THURSDAY, SEPTEMBER 29, 2016

MDR tuberculosis breakthrough lead to new treatments

Researchers in the U.S. and India recently made a discovery that could give rise to new drugs to treat multi-drug-resistant (MDR) strains of tuberculosis, which the World Health Organization has declared a global health emergency.

The findings, which were reported in the Journal of Biological Chemistry, showed a new drug compound-24-desmethylrifampicin-is much more effective at killing MDR bacteria that cause tuberculosis than rifampicin, one of several commonly used drugs in "drug cocktails" aimed at treating tuberculosis, Science Daily reports.

Rifampicin and other components of the common cocktail for tuberculosis treatment are essential to treating the condition, which usually takes approximately six months to cure.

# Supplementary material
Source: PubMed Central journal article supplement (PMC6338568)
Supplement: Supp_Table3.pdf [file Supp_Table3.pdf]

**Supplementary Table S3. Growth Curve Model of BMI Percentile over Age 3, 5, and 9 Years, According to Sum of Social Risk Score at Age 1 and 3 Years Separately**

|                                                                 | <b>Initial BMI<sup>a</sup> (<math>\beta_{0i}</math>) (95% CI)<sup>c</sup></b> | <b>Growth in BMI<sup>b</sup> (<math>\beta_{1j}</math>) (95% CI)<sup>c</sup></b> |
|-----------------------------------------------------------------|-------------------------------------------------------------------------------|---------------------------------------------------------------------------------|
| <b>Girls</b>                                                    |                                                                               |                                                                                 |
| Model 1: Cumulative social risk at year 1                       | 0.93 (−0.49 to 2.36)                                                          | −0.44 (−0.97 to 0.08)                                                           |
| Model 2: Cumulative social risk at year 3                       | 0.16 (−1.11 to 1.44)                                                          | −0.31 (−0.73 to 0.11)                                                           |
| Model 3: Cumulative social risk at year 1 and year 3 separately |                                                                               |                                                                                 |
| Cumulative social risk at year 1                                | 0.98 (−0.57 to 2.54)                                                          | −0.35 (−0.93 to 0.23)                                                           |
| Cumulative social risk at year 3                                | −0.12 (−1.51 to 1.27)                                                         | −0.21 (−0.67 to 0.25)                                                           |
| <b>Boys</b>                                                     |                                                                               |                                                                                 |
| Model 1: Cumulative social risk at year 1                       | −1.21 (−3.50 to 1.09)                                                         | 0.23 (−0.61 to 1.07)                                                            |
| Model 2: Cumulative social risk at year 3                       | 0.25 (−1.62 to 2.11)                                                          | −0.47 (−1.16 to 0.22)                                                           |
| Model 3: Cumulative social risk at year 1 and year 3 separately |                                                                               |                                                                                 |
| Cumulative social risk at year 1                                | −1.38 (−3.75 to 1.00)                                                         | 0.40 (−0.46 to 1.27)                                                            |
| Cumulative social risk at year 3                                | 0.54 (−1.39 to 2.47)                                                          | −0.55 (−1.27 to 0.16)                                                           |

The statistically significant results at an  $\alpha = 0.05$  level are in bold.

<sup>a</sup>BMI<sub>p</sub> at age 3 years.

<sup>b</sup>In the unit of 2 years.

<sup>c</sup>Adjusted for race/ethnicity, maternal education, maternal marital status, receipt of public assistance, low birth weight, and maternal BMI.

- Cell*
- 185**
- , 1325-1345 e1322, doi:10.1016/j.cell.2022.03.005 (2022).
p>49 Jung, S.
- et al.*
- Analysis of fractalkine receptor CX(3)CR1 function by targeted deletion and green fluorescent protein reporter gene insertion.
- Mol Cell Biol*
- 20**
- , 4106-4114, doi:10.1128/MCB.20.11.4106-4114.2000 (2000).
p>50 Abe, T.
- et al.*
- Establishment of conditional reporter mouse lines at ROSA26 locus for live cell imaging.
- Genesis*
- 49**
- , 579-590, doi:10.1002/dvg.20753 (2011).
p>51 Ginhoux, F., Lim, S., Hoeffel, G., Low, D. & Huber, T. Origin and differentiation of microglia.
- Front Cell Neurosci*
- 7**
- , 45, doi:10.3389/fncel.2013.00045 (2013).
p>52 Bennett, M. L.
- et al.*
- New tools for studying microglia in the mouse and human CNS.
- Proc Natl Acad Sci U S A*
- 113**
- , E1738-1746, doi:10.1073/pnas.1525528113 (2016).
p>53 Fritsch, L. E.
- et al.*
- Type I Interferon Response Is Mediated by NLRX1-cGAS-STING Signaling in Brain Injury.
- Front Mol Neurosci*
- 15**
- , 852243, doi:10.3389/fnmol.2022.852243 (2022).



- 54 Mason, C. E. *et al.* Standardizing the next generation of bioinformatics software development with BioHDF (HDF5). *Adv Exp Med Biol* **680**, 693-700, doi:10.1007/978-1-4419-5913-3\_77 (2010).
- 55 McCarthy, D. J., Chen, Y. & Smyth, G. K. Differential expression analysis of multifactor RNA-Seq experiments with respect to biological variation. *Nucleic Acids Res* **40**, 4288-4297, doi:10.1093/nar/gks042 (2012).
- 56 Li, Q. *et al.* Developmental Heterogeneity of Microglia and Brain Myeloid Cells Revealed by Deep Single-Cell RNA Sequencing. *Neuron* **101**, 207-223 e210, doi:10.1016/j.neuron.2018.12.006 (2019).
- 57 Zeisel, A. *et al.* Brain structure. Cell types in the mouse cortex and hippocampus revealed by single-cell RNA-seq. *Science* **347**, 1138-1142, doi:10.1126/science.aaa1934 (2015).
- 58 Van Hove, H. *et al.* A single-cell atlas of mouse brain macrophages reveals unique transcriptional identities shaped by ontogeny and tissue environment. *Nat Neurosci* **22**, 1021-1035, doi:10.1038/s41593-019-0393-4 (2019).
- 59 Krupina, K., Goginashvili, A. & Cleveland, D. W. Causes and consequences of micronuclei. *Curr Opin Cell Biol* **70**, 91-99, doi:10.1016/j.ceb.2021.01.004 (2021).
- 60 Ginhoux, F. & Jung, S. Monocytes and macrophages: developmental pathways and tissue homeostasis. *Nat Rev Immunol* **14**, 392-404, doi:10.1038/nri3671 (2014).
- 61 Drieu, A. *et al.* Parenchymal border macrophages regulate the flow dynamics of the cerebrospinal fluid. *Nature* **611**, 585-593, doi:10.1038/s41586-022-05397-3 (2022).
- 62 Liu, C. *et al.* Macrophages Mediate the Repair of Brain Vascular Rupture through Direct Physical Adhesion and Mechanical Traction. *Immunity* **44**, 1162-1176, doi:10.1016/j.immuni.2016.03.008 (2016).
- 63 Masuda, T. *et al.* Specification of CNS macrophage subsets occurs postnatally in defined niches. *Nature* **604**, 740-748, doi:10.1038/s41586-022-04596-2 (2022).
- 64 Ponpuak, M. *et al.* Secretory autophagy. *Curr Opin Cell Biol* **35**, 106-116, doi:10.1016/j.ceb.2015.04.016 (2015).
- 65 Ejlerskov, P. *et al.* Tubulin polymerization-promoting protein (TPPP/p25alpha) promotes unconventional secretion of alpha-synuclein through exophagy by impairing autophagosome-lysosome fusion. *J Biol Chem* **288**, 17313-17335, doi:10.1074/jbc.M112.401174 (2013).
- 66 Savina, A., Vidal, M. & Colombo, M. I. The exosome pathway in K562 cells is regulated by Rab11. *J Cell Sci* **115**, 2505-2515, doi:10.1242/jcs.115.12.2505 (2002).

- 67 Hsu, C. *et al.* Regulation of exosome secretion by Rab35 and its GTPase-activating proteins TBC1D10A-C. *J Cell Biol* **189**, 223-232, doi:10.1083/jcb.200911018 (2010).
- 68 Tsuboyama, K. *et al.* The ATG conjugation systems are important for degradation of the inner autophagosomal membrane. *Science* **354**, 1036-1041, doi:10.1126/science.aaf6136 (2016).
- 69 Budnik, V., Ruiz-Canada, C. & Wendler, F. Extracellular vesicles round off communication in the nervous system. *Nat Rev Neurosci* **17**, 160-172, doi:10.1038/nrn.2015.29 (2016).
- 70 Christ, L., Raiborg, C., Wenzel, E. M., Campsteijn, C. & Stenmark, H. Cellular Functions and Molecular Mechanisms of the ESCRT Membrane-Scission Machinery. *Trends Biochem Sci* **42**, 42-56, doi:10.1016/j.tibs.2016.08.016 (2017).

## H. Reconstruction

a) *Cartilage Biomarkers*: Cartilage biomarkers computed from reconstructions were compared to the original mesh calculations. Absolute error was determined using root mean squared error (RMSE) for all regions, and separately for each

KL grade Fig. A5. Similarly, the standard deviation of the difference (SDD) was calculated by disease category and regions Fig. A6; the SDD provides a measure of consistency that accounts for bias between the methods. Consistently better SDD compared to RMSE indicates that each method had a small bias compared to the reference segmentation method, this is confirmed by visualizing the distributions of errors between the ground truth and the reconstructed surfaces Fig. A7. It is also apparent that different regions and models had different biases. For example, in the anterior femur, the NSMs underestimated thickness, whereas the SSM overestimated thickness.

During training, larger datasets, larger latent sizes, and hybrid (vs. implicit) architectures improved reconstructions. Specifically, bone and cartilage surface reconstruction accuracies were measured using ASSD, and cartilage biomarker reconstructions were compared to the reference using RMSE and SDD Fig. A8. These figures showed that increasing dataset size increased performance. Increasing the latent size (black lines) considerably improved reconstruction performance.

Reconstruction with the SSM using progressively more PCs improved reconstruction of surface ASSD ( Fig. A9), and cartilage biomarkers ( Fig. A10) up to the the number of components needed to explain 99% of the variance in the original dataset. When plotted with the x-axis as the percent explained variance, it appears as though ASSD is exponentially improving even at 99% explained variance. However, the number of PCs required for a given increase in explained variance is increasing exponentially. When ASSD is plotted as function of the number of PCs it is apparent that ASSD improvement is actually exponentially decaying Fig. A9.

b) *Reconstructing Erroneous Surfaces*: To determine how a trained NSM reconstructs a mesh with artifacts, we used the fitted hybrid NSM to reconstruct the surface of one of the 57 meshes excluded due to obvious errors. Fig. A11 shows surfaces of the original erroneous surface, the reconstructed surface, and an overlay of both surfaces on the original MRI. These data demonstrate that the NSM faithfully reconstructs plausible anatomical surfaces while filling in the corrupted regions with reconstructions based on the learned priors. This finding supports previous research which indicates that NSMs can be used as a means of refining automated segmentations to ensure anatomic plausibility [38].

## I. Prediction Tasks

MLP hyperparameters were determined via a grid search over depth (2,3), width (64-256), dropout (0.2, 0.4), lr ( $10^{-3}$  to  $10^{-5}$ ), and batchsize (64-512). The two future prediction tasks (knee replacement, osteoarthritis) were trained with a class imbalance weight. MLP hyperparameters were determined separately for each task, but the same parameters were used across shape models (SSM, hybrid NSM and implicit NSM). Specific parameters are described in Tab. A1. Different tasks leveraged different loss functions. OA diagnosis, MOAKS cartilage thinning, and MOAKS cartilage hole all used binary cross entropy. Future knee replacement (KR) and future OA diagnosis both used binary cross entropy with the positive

MDR and extensively drug-resistant (XDR) forms of tuberculosis, however, have become resistant to rifampicin, leading WHO to declare it a global health crisis in 1993. More than one million people around the world die from tuberculosis each year, making it the second most common cause of death by infectious disease, according to Science Daily.

Though six months is the general duration of a rifampicin regimen, drug-resistant strains can take 18 months to several years to treat with antibiotics that are not as effective and are more damaging.

"We believe these findings are an important new avenue toward treatment of multi-drug-resistant TB," Taifo Mahmud, a professor in the College of Pharmacy at Oregon State University and a corresponding author on the new publication, said, according to Science Daily. "Rifampicin is the most effective drug against tuberculosis, and it's very difficult to achieve a cure without it. The approach we're using should be able to create one or more analogs that could help take the place of rifampicin in TB therapy."

The research was conducted by scientists from India's University of Delhi and Institute of Genomics and Integrative Biology, with support from the M.J. Murdock Charitable Trust and Medical Research Foundation of Oregon.